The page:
What is it? A TFSA is an account in which you can hold things like cash (your actual savings), or investments like stocks, bonds, mutual funds or GICs. The best part? Any money you make in it isn’t taxed.
What can I use it for and when? TFSAs work best for medium-term goals—think more like a car than this year’s vacation. Depending on how the money in the account is invested (i.e., do not learn the hard way about GIC withdrawal penalties, like me), you can usually withdraw the money at any time, tax-free.
Are there any rules? There are contribution rules each year that limit how much money you can put into your TFSA. But! It’s cumulative, so if you don’t contribute the maximum amount one year, the remaining “room” is carried over to the next year. On the other hand, if you go over the limit for a given year, you could be subject to tax.
The TFSA became available to all Canadians over the age of 18 as of 2009. To see how much you can contribute to a TFSA, check out the TFSA guide on the CRA website, and use the “annual TFSA dollar limits” for all the years you were older than 18.
You can withdraw any amount at any time, but it doesn’t mean you get that contribution room back. The way it works is that the amount of the withdrawal will be added to the contribution limit for the following year.
And lastly, you have to be a Canadian citizen and 19 years of age (or 18, depending on your province) to open up a TFSA.
Best options for opening one: You’ll want to open one at whichever financial institution you want to do your investing with. You can open TFSAs at all the big banks, or digital institutions like Questrade, or Wealthsimple. You can have open as many TFSAs as you want, as long as you’re not going over your available contribution limit between all of them combined.
Registered Retirement Savings Plans (RRSPs)
What is it? An RRSP is an account designed primarily for retirement, where the money you contribute can be deducted from your taxable income each year, and you defer paying tax until you take the money back out.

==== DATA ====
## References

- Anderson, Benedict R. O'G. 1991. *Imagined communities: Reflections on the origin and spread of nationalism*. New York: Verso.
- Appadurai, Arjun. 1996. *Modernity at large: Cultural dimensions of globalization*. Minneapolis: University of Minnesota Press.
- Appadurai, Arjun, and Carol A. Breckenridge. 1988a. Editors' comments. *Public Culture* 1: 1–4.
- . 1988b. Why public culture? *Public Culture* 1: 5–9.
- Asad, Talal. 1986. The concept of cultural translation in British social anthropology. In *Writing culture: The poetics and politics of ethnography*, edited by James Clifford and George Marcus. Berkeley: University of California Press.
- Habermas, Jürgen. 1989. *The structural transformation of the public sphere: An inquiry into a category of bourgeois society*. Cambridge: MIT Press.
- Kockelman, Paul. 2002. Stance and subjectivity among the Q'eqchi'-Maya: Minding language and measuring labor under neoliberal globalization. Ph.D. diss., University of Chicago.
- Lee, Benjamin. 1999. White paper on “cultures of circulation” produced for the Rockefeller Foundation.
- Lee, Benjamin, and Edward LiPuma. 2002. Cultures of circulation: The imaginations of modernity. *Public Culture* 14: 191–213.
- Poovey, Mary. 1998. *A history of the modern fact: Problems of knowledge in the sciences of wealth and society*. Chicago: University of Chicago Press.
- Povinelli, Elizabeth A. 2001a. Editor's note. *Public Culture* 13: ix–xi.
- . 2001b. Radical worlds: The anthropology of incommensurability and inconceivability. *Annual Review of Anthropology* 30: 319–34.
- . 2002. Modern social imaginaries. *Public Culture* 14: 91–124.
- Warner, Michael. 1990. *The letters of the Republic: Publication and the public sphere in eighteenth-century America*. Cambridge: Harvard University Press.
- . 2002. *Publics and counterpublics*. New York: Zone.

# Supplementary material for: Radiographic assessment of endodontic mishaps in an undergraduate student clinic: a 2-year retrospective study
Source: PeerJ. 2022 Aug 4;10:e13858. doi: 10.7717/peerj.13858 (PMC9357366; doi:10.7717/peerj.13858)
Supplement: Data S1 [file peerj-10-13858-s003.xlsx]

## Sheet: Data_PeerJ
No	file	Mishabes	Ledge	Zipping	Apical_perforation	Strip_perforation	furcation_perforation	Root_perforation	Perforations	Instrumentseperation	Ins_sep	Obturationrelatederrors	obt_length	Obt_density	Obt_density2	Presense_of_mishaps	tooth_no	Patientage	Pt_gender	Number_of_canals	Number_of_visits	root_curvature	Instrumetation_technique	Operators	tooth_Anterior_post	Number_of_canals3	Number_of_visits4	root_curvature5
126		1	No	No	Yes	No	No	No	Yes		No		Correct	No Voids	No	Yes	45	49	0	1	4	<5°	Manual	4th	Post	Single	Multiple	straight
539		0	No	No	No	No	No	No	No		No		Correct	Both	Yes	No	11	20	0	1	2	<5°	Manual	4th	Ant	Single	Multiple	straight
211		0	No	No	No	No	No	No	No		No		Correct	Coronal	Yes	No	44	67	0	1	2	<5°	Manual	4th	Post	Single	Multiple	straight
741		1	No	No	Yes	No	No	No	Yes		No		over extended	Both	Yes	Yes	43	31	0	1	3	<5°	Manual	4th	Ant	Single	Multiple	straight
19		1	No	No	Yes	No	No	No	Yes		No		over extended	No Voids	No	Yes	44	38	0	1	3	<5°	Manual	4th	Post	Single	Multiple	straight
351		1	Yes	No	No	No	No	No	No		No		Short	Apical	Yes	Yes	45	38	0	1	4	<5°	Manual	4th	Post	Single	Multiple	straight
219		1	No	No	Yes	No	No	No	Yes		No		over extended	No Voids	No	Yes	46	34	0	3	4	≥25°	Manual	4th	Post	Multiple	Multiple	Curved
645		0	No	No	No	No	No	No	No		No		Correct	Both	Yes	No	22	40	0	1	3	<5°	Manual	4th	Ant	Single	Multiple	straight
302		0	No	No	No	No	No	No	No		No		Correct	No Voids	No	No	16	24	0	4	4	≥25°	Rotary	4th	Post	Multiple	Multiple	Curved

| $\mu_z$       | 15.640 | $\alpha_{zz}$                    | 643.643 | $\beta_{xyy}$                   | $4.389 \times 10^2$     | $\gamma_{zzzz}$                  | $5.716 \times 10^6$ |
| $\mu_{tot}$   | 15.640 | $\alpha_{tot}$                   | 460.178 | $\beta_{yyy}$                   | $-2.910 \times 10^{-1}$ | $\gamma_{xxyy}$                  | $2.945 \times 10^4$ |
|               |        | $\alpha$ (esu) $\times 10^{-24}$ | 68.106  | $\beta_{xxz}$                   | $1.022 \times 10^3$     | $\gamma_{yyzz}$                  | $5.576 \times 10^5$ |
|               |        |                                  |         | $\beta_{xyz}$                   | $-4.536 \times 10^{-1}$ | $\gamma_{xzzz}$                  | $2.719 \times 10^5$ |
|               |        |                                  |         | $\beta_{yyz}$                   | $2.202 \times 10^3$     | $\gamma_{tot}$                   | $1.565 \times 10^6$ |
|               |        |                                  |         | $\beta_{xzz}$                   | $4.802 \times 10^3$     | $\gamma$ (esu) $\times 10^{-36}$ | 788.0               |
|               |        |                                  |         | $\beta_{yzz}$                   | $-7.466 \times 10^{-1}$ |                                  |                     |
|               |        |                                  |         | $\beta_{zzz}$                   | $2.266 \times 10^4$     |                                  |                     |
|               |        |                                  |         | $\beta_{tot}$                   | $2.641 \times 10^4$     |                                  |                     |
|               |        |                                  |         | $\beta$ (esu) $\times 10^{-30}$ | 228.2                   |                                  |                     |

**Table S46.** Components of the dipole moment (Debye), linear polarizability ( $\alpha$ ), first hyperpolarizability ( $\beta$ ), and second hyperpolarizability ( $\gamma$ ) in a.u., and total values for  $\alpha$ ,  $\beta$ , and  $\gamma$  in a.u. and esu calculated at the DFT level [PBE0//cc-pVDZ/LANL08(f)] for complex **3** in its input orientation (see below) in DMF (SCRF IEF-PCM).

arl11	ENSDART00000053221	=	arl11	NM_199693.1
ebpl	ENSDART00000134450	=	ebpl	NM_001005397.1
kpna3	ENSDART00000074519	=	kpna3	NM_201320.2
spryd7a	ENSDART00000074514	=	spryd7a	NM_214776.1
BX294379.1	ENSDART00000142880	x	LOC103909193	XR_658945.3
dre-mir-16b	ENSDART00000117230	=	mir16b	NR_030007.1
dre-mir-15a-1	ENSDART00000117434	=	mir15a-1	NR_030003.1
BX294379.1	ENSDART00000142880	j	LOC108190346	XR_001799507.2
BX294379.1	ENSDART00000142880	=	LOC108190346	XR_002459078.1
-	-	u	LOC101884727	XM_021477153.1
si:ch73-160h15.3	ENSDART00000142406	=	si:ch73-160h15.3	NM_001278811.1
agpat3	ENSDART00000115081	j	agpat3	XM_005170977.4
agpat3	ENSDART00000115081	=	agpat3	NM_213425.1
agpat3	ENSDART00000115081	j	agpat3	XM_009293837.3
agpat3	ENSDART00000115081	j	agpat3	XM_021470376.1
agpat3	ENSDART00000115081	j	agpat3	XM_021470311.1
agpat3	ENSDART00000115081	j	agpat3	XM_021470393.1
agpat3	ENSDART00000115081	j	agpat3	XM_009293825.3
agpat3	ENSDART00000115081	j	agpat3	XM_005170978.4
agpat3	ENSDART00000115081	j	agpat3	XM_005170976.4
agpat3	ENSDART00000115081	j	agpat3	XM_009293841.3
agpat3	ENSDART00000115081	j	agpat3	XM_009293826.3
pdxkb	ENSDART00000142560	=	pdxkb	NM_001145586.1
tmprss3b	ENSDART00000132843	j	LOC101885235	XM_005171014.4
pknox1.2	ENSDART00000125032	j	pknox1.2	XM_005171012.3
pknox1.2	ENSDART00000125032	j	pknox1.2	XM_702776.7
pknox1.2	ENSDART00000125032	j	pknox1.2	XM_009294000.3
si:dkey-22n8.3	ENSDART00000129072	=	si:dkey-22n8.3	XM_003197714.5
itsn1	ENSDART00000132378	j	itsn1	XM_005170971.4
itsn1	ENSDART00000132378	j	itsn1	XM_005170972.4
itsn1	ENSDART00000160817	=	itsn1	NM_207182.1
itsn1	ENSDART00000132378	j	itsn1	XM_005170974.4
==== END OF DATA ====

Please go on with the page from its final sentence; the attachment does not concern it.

What can I use it for and when? You guessed it – this account is mainly for use once you’re retired. Otherwise, the amount you withdraw will be added to your employment income at tax time, and you’ll have to pay tax on that whole amount (ouch!).
If retirement is… far away, there are two other times you can withdraw money from your RRSP— 1) through the First Time Home Buyers Incentive program, you can use up to $25,000 of your retirement savings for a down payment, and 2) you can take out $10,000 per year if you go back to school.
Start with the most important question: When will you need this money?
When you actually retire is up to you (and how much money you need to save to get there). Once you actually kick back and begin enjoying retirement, the money that comes out of your RRSP will be taxed as income.
Are there any rules? The contribution limit for RRSPs is usually 18% of your income that you reported on your taxes the previous year.
Best option for opening one: Similar to a TFSA, you’ll want to open an RRSP at whichever financial institution you want to do your investing with. There’s often the option to open an RRSP through your work (and they might even help contribute to it!) that’s definitely worth looking into. You can have multiple RRSPs at different financial institutions, as long as you’re not going over your contribution limit between all of them combined.
Okay, here’s the TL;DR version:
HISA > Shorter term, made up of your money (vs investments), interest rate you should aim for = 2%
GICs > Short-to-Medium-term, goes inside another account, interest rate you should aim for = 2.45-2.75% based on the maturity date. Watch out for penalties.
TFSA > Medium-to-long term, money grows tax free, can be made up of your money or investments. Keep an eye on your contribution limit.
RRSP> Long term, made up of investments, the company you work for can sometimes contribute. Keep an eye out for the RRSP deadline each year.
Non registered account> Great for if you’ve maxed out your registered accounts (RRSP/TFSA), no contribution or withdraw rules.
I’ve chosen the best option for me. Now what?
Once you picked the best savings account for you and your lifestyle, it’s time to invest your money in these accounts! Contact your financial advisor or use a robo-advisor to get the funds invested the right way for you.
Megan Radisa is a content creator and freelance writer from Toronto with a curious mind. She’s an Uber Eats addict and hardcore Aquarius in her spare time.